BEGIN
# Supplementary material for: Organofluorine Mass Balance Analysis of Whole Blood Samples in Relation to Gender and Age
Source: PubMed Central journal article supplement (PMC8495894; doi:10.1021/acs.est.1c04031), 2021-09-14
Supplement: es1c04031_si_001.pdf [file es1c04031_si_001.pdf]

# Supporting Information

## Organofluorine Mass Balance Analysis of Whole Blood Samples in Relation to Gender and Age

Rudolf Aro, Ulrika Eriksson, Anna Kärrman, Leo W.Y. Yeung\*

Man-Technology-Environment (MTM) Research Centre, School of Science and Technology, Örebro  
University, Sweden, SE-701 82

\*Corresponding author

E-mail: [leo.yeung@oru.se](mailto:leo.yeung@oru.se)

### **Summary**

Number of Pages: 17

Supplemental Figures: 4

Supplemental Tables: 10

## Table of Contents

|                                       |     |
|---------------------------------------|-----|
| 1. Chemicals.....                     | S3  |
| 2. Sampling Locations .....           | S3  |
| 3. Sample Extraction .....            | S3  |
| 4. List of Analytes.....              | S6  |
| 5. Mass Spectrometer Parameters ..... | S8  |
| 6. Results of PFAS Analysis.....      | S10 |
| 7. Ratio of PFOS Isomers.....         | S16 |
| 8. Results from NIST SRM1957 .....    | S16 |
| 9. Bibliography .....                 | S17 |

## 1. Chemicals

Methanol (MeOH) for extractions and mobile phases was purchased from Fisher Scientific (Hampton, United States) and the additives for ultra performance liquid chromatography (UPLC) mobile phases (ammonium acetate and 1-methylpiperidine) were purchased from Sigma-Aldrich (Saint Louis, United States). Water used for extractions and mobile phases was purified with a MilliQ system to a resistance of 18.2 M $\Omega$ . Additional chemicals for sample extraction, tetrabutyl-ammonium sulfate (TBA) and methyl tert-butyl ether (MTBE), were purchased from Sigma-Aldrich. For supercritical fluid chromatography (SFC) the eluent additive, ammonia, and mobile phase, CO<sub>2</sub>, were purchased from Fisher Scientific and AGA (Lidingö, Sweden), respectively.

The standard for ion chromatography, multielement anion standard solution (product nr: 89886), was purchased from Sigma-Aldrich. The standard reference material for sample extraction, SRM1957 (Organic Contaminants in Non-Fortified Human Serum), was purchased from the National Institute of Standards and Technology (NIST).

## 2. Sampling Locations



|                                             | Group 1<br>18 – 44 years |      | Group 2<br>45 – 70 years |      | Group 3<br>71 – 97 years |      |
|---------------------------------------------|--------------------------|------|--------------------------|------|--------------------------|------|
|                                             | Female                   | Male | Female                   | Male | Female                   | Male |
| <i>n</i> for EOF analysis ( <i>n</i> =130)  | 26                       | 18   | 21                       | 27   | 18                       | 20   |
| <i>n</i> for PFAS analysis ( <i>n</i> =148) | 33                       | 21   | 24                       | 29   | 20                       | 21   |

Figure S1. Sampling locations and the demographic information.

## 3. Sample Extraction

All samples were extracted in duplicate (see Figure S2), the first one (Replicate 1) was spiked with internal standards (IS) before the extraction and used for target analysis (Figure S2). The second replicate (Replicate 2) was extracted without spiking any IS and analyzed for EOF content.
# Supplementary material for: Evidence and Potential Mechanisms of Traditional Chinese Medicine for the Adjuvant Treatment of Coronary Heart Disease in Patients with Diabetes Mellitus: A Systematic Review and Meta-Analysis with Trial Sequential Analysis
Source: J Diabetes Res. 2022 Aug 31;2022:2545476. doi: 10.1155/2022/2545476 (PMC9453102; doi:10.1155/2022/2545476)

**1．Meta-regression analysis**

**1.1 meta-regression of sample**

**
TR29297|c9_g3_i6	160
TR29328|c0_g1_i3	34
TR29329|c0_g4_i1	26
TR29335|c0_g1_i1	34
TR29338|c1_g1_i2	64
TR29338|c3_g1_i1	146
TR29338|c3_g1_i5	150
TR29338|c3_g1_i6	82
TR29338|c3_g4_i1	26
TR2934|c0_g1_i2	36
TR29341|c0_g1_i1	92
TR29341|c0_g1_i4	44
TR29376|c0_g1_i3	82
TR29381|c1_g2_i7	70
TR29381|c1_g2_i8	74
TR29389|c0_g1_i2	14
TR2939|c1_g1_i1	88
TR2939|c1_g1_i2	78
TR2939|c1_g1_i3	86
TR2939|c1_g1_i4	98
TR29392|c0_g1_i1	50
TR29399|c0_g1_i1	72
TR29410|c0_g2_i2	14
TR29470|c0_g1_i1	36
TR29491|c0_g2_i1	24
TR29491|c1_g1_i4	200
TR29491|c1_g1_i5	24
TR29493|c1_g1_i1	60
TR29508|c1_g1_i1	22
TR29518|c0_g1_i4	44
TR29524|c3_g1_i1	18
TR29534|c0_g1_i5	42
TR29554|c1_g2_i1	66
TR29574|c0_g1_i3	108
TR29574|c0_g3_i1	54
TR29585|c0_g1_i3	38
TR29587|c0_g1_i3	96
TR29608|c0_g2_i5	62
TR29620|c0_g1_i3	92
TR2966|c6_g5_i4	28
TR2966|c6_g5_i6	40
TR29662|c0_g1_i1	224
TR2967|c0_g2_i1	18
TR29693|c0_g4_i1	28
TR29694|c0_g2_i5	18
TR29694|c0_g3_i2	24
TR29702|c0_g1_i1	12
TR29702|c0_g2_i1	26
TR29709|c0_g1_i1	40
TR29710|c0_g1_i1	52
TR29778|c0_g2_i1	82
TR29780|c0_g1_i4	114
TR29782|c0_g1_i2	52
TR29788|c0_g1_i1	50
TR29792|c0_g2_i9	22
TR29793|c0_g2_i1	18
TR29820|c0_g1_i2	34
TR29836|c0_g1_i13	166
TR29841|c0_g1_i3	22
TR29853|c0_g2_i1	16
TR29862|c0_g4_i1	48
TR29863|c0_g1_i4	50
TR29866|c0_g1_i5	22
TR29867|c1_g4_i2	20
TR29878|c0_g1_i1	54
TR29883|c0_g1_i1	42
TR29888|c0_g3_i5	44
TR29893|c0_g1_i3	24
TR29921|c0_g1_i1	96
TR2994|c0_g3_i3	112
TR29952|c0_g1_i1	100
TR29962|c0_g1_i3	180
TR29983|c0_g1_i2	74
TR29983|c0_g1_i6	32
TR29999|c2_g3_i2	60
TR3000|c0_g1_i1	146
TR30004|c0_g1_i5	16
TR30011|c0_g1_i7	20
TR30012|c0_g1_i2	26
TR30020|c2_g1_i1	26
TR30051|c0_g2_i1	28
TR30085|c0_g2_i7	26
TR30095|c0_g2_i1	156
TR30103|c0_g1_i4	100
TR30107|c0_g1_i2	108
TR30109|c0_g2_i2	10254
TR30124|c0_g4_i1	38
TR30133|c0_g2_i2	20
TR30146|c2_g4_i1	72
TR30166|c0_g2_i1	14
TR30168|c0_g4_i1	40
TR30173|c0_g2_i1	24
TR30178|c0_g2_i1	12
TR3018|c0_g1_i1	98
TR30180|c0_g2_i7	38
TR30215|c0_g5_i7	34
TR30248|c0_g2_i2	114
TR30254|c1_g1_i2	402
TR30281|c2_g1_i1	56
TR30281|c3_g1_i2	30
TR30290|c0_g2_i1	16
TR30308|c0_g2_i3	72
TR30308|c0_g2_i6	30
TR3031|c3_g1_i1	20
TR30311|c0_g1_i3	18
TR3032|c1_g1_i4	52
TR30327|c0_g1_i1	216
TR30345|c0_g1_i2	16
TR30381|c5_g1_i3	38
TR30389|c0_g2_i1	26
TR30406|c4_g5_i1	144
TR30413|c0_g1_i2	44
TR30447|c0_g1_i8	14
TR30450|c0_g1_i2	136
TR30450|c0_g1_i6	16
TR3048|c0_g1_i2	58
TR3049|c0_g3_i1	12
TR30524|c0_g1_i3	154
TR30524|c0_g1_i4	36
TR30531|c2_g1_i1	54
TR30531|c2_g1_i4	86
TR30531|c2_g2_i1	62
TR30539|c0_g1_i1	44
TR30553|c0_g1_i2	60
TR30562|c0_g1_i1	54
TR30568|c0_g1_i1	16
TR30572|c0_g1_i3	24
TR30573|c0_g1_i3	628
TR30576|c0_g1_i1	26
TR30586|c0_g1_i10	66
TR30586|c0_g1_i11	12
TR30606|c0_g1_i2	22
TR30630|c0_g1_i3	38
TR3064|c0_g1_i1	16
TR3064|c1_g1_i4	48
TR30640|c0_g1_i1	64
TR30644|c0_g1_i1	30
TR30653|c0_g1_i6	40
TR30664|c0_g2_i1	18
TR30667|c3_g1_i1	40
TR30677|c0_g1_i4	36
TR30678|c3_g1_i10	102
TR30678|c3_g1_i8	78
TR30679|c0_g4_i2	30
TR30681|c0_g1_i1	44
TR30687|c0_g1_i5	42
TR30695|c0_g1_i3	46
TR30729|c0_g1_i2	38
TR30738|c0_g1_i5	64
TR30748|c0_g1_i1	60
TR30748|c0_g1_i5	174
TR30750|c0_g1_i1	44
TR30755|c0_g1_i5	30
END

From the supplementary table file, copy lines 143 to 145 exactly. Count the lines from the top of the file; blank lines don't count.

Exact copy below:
TR30281|c3_g1_i2	30
TR30290|c0_g2_i1	16
TR30308|c0_g2_i3	72